You will have days when one of you feels utterly rubbish and one of you feels strong, but if you’re evenly matched, then most likely, at some point before you arrive at the finish, those roles will be reversed and you’ll be the one bringing up the rear instead. When you’re a team, you’re only as strong as your slower half and you need to be accepting of this fact. You don’t have to cycle together all of the time but hopefully by the time you’ve finished doing training rides together you’ll understand each other’s strengths and weaknesses enough to know when one of you is having a bad spell.

Also think about the weight of your kit and bikes. It doesn’t matter how evenly matched you are if one of you is riding a bike that weighs 15kg and the other is riding with 25kgs. That extra 10kg is going to slow you down, especially when you get to a climb. Our loaded bikes had a difference of just 500g. We also had the same gear ratios so were as evenly matched as possible.

Plan the route together and check it together

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Where did our route go?

Trust me, even if one of you is naturally a better route planner, sit down together and make joint decisions about the route – all of it. That way, when it all goes tits-up and the road you chose months earlier from the comfort of your living room disappears and you end up walking and pushing your bike for 16 kilometres, you are BOTH responsible. We had a lot of conversations that started with “Bloody hell, how on earth did we manage to pick such a crap road?!” Now imagine if only one of you was responsible for picking that crap road? Resentment can build pretty quickly when you add in a bit of heat stroke and sleep deprivation and agreeing on your route together will prevent this from happening.

Learn to think like a unit, not an individual

You both need to think for the both of you – all the decisions you make along the way must be made with two of you in mind so it’s vital that you keep communicating throughout. The whole race is one huge problem-solving exercise and you need to find those solutions together. We became pretty good at this and by the second week we were literally thinking each other’s thoughts and finishing each other’s sentences. We joked about it at the time but it only stands to reason that when you’re both focused on the same goal, doing the same activity, then you’re probably going to be thinking the same limited range of thoughts.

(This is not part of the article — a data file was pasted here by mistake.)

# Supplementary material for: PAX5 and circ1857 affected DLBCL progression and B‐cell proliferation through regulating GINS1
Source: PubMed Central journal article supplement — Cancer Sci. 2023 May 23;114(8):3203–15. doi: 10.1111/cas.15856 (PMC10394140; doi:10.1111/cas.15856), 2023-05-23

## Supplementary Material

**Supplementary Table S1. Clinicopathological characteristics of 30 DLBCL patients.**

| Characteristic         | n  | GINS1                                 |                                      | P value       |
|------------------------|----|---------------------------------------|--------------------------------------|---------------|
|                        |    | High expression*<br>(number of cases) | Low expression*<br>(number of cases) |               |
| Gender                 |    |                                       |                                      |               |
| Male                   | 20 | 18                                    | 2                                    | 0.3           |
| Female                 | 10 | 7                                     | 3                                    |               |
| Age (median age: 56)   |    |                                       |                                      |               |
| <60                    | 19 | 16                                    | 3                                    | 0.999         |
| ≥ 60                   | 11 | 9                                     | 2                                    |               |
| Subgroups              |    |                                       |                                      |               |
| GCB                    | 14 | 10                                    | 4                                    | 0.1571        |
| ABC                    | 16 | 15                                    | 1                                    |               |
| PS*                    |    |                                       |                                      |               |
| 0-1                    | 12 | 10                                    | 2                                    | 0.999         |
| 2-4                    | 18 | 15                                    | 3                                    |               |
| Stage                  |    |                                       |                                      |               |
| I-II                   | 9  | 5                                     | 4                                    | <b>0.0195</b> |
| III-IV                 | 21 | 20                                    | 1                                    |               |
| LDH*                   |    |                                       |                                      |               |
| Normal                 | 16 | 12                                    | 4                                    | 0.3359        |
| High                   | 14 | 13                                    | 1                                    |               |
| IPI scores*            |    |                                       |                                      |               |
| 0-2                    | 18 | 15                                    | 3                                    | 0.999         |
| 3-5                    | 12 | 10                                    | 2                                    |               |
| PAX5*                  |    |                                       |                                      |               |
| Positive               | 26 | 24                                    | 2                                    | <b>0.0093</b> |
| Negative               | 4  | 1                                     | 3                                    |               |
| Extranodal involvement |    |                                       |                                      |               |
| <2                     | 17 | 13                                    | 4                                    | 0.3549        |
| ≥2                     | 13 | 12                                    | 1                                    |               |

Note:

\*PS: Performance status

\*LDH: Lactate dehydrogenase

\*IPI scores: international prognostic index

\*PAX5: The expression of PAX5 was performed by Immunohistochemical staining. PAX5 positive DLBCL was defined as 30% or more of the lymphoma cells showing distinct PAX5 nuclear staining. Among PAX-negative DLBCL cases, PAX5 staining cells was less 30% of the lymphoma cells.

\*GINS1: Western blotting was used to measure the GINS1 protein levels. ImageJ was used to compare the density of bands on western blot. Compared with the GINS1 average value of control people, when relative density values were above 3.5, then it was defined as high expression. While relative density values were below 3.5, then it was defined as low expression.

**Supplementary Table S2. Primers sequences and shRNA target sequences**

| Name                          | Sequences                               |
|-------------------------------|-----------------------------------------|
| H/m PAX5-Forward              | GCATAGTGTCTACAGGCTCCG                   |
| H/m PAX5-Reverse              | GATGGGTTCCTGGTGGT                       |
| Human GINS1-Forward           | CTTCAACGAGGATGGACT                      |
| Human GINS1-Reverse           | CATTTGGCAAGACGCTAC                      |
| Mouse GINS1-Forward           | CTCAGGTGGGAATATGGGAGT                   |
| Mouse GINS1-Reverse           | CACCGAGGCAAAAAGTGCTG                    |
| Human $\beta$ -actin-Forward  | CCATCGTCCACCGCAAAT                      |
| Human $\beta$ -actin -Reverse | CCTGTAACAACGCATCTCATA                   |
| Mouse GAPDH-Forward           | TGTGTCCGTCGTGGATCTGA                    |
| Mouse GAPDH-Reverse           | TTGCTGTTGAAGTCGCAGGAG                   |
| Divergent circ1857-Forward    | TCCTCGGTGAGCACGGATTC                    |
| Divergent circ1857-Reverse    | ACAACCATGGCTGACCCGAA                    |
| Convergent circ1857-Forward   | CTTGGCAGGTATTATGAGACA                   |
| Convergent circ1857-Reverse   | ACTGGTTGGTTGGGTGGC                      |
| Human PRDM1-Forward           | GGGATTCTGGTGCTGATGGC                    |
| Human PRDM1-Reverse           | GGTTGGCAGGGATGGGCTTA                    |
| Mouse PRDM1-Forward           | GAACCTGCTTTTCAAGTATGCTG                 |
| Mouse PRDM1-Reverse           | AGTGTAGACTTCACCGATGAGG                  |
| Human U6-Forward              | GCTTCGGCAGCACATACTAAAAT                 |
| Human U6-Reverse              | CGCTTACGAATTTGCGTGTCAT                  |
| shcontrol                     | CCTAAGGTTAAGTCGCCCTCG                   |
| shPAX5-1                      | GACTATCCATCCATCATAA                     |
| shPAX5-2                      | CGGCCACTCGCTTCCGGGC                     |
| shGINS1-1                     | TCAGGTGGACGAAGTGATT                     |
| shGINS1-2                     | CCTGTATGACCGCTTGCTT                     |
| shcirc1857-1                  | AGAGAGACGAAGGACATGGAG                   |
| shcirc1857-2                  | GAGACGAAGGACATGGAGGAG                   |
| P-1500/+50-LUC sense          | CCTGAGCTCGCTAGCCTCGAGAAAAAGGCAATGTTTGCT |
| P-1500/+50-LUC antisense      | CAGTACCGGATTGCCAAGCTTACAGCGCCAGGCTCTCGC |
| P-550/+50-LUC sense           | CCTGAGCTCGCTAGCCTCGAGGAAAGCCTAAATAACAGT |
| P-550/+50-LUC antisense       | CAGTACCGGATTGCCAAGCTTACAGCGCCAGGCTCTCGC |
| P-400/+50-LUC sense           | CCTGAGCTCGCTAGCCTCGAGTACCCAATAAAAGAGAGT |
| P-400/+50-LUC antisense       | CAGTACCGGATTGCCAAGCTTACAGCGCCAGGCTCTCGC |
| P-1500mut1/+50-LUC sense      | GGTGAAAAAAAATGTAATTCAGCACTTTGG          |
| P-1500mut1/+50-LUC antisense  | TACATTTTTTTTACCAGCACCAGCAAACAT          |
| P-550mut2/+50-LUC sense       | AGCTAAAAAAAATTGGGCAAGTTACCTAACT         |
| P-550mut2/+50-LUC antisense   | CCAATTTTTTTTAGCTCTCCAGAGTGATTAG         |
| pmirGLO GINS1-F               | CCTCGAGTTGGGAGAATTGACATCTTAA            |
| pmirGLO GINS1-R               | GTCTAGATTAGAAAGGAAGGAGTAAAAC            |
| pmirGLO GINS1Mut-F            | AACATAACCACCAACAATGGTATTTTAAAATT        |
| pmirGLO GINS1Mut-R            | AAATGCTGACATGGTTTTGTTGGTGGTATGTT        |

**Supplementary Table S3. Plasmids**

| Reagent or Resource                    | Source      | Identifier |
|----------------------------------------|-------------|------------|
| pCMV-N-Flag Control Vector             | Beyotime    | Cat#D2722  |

If you’re in a relationship make sure your significant other is completely on-board if they’re not your race partner

Of course this applies to solo racers as well as pairs but when you’re in a pair you’re about to spend a whole lot of time with another person who isn’t your other half. For a fixed time period your race partner is about to become the most important person in your life and this can sometimes be a bit of a challenge for the other most important person in your life.

Not only are you never around because you’re out doing bonkers, long training rides every weekend, but you’re also spending a lot of your non-riding spare time planning and organising with your race partner too. When you’re not with them, you’re probably talking about them. This race has the potential to take over your life and the lives of those close to you in the run-up to the main event. Irrational feelings of jealousy and neglect can creep into the most solid of relationships if you don’t attend to it and this is even harder to manage if your significant other isn’t 100% behind both you and your pair.

No race is worth the price of a friendship

grappatop3My other half, Ken, told me a couple of times during the run-up to the race that he thought racing as a pair was a bad idea and was worried it would ruin mine and Julie’s friendship because we both have such strong characters, but I think that we both understood the potential for that to happen and took steps to prevent it.

In truth, Julie and I barely had a cross word for 20 days, actually 25 days if you count the time spent together getting to the race and home again. That’s not to say that we didn’t annoy each other a bit at times, of course we did, but we didn’t dwell on it and it’s very important not to. Spending 25 days together, every single minute of the day, without a break could test even the strongest of marriages, never mind a friendship.

We became good at recognising the trigger points. We realised fairly early on that we started to get tetchy with one another when cycling late into the night. That was also the time that we made most of our mistakes so we just decided to stop pedalling once it started to get dark and find a place to get our heads down, opting for pre-dawn starts rather than long, dark nights. The extra miles gained by cycling at night wasn’t worth the risk to the bond that we’d formed.

Remember, try to keep it all in perspective. No matter how much you get wrapped up in it all – and you will – it is just a bike race at the end of the day.

leavinggrappa